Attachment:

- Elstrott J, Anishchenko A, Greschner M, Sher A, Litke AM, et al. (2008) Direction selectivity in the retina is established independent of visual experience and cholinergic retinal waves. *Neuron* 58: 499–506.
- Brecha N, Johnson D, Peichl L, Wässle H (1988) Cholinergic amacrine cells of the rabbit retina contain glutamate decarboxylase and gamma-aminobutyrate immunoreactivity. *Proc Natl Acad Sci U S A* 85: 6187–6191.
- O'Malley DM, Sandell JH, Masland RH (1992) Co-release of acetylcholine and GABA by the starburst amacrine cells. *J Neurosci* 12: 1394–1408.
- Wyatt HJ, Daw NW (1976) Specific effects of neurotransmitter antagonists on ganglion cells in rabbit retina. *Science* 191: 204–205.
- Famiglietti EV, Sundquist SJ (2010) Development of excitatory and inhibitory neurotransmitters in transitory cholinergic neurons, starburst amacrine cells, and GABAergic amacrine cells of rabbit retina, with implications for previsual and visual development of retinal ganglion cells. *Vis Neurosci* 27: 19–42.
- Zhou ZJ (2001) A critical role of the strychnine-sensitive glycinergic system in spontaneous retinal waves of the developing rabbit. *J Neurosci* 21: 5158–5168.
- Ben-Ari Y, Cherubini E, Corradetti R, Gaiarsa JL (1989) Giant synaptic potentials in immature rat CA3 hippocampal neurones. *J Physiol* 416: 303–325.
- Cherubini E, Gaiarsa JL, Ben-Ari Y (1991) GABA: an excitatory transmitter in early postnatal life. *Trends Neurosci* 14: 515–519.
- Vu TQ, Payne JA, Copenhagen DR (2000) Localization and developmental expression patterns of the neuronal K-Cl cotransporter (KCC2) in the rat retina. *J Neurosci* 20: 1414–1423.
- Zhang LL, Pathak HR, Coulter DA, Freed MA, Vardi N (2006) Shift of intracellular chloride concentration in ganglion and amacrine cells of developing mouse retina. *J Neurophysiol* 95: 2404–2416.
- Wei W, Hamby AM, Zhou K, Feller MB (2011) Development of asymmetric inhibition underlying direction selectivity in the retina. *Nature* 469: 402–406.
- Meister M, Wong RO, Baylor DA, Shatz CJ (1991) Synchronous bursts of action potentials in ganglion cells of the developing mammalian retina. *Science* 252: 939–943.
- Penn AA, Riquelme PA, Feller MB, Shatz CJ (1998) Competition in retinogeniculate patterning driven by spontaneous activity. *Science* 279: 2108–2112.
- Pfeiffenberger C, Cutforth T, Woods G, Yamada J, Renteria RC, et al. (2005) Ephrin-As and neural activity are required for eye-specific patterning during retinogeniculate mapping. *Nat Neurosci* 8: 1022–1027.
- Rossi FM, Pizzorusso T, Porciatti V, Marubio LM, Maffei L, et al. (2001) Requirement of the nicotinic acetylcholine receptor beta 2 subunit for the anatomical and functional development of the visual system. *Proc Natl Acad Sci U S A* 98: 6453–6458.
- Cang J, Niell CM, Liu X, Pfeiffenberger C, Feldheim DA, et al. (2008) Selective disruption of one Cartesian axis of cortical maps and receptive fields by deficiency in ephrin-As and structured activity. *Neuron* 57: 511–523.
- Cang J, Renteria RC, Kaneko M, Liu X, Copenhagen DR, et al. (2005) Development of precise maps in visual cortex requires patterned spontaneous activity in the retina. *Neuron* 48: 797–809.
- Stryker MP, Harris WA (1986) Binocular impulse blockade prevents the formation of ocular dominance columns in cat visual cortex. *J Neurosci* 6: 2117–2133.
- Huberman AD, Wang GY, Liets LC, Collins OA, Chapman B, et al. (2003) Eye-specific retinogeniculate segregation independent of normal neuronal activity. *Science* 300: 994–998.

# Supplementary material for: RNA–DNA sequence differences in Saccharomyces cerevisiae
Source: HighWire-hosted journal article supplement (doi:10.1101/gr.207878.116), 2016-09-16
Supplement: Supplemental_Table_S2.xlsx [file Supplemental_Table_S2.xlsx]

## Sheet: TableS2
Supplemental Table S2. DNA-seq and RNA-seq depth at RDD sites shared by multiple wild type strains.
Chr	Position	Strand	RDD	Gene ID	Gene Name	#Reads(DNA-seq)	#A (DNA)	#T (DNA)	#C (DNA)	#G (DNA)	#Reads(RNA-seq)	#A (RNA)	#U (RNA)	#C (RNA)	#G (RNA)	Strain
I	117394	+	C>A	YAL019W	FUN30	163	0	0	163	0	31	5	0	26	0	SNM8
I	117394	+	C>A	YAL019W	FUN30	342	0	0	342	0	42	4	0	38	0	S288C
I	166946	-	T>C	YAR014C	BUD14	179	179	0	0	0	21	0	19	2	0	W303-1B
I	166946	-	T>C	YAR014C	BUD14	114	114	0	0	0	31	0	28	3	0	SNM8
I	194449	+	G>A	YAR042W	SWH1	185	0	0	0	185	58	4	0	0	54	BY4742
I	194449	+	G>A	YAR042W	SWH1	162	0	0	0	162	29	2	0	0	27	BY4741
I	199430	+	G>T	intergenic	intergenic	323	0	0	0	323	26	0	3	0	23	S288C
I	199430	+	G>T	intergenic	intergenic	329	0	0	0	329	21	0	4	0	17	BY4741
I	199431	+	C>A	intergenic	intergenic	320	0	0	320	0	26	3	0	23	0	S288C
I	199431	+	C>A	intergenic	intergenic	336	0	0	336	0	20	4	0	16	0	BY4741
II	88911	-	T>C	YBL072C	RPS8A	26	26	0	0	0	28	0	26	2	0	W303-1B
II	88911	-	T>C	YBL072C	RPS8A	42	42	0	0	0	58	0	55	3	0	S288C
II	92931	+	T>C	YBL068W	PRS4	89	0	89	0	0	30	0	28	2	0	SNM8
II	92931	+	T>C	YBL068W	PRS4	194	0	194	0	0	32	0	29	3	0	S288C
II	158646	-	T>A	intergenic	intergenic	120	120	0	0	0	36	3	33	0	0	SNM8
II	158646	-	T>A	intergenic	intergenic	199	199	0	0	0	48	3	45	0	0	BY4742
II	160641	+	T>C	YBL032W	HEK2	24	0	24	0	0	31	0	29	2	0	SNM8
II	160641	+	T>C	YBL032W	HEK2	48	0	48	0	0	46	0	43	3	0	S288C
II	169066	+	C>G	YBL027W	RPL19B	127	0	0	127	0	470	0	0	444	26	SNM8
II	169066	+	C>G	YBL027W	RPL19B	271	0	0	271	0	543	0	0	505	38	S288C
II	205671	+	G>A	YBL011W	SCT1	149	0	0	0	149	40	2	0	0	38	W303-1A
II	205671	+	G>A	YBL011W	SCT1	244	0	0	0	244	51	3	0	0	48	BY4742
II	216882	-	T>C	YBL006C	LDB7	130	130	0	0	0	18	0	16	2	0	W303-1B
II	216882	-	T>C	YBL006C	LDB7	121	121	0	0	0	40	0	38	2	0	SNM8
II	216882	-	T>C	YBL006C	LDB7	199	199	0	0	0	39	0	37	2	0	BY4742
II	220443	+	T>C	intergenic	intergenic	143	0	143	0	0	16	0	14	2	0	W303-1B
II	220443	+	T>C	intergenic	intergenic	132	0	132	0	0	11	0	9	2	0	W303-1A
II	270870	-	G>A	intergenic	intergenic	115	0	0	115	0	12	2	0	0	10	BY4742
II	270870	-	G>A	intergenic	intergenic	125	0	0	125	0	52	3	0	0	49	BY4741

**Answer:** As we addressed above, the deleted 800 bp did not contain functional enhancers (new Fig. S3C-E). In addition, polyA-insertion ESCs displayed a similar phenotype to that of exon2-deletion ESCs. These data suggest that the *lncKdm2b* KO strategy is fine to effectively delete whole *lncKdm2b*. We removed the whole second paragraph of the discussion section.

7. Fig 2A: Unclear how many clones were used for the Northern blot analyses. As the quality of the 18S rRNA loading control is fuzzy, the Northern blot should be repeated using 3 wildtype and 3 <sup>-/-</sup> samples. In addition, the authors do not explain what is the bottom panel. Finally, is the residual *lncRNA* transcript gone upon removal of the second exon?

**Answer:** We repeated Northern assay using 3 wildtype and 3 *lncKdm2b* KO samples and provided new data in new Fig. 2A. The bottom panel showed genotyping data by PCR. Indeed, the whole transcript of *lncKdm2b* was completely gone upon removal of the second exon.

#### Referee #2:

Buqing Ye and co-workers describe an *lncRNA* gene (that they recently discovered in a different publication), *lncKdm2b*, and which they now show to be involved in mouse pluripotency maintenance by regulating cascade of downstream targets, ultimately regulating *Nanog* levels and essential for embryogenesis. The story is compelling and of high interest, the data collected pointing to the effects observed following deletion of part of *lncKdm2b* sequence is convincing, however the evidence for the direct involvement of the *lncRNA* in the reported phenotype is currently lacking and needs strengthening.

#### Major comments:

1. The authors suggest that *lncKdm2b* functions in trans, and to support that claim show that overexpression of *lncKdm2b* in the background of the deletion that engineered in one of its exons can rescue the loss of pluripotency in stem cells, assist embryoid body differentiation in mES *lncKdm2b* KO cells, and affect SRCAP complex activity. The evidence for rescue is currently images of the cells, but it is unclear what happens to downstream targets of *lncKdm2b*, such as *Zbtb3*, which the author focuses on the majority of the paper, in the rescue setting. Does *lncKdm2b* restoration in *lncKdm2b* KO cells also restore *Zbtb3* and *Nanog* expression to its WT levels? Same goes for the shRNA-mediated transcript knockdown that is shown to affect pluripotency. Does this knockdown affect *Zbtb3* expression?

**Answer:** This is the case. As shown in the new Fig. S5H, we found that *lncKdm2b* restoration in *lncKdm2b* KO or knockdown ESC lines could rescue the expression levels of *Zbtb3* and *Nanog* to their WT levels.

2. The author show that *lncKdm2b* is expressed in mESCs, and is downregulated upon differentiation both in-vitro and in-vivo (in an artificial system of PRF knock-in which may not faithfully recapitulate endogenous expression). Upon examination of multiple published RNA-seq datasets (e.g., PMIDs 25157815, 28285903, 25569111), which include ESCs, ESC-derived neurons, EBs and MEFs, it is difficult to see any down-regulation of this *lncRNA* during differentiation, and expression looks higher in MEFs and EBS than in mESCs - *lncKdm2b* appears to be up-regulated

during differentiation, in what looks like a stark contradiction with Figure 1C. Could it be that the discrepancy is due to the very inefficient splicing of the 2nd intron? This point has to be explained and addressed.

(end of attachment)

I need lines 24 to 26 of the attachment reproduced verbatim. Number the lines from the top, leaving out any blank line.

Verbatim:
Supplemental Table S2. DNA-seq and RNA-seq depth at RDD sites shared by multiple wild type strains.
Chr	Position	Strand	RDD	Gene ID	Gene Name	#Reads(DNA-seq)	#A (DNA)	#T (DNA)	#C (DNA)	#G (DNA)	#Reads(RNA-seq)	#A (RNA)	#U (RNA)	#C (RNA)	#G (RNA)	Strain
I	117394	+	C>A	YAL019W	FUN30	163	0	0	163	0	31	5	0	26	0	SNM8